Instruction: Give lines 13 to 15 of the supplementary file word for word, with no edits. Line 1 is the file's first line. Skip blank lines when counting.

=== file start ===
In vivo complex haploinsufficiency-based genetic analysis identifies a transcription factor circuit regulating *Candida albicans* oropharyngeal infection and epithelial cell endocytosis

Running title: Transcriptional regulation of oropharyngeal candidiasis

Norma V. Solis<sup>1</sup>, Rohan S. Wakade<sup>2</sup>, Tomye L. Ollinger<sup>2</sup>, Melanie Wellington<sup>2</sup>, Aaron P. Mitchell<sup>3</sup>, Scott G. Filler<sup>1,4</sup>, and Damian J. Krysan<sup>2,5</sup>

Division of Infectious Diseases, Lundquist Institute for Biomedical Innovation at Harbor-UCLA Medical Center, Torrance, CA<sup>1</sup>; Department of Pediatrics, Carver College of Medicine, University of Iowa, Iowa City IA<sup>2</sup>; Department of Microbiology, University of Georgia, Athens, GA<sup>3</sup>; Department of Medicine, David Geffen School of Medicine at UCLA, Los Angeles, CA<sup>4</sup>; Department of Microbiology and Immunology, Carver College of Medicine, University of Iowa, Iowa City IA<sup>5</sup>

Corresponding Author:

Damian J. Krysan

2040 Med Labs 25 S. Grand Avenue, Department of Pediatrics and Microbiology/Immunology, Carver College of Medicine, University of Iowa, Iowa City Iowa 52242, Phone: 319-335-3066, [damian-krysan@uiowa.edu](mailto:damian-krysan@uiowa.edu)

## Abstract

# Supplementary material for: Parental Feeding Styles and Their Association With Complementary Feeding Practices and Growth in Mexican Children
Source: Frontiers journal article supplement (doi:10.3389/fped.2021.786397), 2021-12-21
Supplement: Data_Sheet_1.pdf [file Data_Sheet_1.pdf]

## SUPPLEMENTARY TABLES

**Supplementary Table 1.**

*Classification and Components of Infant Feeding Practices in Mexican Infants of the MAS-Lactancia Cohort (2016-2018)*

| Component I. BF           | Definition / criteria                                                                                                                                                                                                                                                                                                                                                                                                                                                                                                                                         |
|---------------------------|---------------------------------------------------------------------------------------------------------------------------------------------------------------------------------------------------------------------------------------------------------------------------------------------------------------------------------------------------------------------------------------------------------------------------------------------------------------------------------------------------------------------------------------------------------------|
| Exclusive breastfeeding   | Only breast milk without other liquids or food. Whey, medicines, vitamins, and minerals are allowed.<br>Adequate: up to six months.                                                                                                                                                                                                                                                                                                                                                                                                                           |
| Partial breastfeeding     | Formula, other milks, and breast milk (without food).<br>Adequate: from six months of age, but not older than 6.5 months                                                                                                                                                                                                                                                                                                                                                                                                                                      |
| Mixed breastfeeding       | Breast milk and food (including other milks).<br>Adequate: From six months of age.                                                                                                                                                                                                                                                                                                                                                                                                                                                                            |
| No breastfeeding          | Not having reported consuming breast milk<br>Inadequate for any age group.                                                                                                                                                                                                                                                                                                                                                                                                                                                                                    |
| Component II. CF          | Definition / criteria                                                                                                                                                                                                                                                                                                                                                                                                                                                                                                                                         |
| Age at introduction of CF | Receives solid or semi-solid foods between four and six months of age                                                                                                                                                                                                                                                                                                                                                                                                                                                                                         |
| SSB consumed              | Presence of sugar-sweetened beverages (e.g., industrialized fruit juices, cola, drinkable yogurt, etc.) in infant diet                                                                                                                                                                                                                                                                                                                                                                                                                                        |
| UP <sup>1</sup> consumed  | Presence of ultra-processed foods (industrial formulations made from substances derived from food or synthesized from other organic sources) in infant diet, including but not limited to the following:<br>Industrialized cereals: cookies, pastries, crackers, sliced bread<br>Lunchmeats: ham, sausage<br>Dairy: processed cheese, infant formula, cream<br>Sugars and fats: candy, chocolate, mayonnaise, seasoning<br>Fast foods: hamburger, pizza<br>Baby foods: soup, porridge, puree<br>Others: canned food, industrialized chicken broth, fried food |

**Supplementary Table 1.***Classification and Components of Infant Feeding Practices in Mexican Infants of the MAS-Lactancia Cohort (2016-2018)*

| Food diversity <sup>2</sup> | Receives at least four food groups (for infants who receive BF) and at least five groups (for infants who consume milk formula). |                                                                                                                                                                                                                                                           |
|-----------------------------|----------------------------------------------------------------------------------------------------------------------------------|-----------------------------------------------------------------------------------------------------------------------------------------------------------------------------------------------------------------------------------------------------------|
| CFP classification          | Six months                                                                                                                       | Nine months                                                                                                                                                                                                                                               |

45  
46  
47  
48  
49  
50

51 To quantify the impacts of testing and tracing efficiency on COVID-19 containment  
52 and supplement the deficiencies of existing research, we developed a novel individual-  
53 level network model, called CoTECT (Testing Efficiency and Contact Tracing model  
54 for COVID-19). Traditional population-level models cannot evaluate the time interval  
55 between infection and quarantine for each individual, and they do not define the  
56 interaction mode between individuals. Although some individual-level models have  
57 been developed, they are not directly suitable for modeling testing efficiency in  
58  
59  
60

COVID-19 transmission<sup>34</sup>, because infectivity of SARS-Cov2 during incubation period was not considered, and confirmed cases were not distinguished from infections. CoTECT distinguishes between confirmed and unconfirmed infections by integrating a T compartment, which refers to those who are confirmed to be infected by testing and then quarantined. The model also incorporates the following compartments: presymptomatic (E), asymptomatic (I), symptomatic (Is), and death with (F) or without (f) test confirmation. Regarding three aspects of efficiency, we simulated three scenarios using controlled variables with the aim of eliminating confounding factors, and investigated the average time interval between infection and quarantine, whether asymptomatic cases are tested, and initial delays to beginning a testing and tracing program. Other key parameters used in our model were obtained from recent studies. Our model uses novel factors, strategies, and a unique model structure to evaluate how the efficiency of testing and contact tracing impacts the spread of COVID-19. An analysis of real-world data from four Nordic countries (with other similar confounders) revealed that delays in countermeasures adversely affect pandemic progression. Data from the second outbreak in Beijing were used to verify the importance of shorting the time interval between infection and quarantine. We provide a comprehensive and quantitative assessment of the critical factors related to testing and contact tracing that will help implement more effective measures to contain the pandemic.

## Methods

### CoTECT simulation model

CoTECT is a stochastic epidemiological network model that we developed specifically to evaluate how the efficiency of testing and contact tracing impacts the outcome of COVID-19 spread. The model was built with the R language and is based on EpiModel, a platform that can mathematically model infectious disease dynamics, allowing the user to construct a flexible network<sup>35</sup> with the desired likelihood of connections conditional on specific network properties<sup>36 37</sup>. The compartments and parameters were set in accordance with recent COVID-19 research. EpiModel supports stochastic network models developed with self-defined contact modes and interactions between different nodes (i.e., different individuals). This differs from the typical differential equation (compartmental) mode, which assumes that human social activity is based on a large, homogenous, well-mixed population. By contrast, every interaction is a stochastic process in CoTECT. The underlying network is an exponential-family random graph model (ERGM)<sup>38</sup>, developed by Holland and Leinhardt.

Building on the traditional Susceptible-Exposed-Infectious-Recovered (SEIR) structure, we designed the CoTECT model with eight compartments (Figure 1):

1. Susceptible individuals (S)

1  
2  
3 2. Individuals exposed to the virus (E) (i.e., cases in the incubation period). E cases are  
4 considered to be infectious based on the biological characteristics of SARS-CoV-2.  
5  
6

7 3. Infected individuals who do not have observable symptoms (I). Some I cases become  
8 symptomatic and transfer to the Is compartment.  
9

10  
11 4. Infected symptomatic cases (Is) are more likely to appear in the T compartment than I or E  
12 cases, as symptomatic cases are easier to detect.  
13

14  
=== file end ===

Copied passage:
**Supplementary Table 1.**

*Classification and Components of Infant Feeding Practices in Mexican Infants of the MAS-Lactancia Cohort (2016-2018)*

| Component I. BF           | Definition / criteria                                                                                                                                                                                                                                                                                                                                                                                                                                                                                                                                         |